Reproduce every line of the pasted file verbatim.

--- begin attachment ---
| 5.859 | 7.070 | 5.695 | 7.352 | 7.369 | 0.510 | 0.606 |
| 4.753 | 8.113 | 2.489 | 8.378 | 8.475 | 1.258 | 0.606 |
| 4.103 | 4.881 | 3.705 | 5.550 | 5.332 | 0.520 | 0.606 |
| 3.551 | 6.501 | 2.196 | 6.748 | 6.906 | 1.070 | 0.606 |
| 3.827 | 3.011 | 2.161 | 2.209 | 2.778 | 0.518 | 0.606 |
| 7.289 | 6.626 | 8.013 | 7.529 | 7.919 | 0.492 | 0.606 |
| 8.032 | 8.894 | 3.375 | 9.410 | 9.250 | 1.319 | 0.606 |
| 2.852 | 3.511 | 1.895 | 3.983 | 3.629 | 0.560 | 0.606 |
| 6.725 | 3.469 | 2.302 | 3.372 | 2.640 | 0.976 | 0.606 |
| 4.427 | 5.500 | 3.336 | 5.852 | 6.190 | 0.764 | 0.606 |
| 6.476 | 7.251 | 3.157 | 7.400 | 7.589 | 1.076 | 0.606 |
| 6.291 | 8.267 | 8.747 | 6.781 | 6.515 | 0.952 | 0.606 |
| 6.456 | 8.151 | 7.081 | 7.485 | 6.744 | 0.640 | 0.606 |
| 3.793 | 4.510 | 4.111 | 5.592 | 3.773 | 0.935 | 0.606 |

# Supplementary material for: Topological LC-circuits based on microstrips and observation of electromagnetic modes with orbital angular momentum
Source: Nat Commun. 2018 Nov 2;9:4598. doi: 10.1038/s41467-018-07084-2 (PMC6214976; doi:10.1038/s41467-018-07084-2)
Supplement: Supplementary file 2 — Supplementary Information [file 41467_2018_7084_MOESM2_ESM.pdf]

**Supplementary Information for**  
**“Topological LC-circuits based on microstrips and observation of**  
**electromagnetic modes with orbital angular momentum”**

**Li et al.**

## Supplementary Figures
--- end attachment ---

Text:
| 5.859 | 7.070 | 5.695 | 7.352 | 7.369 | 0.510 | 0.606 |
| 4.753 | 8.113 | 2.489 | 8.378 | 8.475 | 1.258 | 0.606 |
| 4.103 | 4.881 | 3.705 | 5.550 | 5.332 | 0.520 | 0.606 |
| 3.551 | 6.501 | 2.196 | 6.748 | 6.906 | 1.070 | 0.606 |
| 3.827 | 3.011 | 2.161 | 2.209 | 2.778 | 0.518 | 0.606 |
| 7.289 | 6.626 | 8.013 | 7.529 | 7.919 | 0.492 | 0.606 |
| 8.032 | 8.894 | 3.375 | 9.410 | 9.250 | 1.319 | 0.606 |
| 2.852 | 3.511 | 1.895 | 3.983 | 3.629 | 0.560 | 0.606 |
| 6.725 | 3.469 | 2.302 | 3.372 | 2.640 | 0.976 | 0.606 |
| 4.427 | 5.500 | 3.336 | 5.852 | 6.190 | 0.764 | 0.606 |
| 6.476 | 7.251 | 3.157 | 7.400 | 7.589 | 1.076 | 0.606 |
| 6.291 | 8.267 | 8.747 | 6.781 | 6.515 | 0.952 | 0.606 |
| 6.456 | 8.151 | 7.081 | 7.485 | 6.744 | 0.640 | 0.606 |
| 3.793 | 4.510 | 4.111 | 5.592 | 3.773 | 0.935 | 0.606 |

# Supplementary material for: Topological LC-circuits based on microstrips and observation of electromagnetic modes with orbital angular momentum
Source: Nat Commun. 2018 Nov 2;9:4598. doi: 10.1038/s41467-018-07084-2 (PMC6214976; doi:10.1038/s41467-018-07084-2)
Supplement: Supplementary file 2 — Supplementary Information [file 41467_2018_7084_MOESM2_ESM.pdf]

**Supplementary Information for**  
**“Topological LC-circuits based on microstrips and observation of**  
**electromagnetic modes with orbital angular momentum”**

**Li et al.**

## Supplementary Figures